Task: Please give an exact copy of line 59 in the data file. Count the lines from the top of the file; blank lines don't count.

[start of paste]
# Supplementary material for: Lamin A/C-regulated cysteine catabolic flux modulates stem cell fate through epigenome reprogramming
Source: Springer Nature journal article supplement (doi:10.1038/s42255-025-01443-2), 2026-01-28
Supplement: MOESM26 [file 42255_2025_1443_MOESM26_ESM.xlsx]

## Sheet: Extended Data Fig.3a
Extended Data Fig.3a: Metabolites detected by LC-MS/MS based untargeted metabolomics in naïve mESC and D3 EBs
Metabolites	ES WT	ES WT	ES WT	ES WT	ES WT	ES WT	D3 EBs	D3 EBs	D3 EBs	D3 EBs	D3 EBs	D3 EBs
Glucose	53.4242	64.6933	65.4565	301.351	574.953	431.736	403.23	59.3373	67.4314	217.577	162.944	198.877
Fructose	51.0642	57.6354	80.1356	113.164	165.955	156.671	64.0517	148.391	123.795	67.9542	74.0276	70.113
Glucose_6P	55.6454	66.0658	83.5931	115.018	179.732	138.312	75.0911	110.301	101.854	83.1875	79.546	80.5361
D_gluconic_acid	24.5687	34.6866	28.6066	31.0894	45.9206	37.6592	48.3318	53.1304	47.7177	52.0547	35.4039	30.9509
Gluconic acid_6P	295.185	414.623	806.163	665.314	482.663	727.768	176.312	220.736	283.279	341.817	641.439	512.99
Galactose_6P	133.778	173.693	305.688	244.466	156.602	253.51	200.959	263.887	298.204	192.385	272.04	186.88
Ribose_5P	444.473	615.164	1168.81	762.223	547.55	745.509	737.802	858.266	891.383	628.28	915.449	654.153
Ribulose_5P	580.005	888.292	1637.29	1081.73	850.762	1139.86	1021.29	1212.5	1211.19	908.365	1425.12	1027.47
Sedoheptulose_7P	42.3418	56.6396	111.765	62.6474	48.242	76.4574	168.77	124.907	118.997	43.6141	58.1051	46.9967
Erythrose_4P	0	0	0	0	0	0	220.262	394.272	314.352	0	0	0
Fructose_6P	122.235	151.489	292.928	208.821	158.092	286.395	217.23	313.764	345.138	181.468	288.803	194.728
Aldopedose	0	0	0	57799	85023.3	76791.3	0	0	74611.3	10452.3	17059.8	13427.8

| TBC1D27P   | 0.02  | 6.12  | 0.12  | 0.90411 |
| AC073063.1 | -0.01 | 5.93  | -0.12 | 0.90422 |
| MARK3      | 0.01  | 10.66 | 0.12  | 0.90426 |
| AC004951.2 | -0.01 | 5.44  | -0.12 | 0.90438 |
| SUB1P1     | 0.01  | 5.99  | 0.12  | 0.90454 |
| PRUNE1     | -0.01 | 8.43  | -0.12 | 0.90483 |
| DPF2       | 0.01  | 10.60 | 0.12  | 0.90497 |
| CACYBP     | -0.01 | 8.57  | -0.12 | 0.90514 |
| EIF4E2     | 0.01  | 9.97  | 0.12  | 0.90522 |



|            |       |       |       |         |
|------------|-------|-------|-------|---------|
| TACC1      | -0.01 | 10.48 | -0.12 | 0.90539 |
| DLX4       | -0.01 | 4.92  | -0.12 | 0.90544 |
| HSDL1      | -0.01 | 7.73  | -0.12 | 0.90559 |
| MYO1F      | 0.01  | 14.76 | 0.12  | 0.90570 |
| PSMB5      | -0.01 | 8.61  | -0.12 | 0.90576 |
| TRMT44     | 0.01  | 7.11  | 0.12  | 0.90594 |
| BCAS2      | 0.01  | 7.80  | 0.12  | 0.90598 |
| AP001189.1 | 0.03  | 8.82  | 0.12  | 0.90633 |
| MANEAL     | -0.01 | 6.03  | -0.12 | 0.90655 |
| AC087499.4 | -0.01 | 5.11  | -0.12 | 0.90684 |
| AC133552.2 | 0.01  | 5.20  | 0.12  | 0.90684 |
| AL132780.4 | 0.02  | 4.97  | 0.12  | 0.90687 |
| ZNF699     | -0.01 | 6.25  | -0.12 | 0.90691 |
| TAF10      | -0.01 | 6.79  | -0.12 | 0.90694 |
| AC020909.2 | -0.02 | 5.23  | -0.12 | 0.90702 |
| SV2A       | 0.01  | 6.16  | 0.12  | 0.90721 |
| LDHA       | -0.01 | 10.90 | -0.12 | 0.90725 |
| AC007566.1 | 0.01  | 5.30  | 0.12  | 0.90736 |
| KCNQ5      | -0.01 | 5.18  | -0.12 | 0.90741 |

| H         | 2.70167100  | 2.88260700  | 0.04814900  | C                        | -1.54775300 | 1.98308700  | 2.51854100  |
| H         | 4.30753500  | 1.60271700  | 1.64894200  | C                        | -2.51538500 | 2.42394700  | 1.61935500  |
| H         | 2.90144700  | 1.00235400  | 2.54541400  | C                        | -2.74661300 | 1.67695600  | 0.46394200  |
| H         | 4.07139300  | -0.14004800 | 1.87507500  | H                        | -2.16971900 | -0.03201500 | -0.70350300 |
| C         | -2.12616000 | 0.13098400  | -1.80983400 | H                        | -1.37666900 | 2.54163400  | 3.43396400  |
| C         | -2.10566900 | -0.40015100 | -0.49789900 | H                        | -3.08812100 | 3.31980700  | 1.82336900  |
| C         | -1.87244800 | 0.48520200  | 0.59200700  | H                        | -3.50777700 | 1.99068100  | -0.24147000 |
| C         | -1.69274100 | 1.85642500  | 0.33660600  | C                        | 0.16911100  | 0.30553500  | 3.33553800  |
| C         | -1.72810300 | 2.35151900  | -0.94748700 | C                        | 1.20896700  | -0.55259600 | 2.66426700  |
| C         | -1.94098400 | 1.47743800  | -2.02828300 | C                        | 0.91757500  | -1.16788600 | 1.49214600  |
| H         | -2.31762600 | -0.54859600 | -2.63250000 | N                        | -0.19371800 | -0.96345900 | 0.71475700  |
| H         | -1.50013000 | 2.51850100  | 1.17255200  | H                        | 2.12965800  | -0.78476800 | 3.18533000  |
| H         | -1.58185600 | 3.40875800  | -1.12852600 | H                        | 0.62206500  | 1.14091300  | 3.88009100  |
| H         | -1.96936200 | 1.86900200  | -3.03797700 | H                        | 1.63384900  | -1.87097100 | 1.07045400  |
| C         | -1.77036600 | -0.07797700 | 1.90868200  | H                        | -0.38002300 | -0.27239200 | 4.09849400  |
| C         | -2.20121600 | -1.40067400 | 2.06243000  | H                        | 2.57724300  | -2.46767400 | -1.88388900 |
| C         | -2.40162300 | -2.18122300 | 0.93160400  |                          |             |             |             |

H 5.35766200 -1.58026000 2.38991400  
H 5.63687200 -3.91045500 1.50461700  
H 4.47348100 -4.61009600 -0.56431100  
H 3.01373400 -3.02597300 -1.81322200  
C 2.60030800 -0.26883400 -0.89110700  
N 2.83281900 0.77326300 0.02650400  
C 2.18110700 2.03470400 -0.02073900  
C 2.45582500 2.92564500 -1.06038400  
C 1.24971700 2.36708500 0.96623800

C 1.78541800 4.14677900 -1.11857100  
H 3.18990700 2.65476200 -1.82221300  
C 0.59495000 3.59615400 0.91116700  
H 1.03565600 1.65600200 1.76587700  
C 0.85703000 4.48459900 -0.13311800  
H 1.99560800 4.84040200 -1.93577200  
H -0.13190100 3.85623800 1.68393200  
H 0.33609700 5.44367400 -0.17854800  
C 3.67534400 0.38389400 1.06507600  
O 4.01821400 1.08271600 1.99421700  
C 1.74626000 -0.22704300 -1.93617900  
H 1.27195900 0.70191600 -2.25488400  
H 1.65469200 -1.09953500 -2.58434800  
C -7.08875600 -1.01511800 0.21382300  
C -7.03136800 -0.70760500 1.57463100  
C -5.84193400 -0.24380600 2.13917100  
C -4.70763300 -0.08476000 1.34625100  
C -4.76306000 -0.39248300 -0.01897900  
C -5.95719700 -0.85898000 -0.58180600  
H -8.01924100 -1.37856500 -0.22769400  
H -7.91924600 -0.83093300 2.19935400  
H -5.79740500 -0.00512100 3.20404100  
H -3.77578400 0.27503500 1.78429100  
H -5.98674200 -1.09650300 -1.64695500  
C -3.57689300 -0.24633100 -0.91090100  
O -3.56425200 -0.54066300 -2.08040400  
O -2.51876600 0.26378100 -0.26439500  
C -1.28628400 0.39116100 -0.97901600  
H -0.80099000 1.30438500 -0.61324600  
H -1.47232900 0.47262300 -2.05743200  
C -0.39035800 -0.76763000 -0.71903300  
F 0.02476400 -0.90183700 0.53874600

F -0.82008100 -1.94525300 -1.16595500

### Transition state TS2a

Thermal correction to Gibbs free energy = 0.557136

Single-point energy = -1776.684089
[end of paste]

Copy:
| H         | -2.31762600 | -0.54859600 | -2.63250000 | N                        | -0.19371800 | -0.96345900 | 0.71475700  |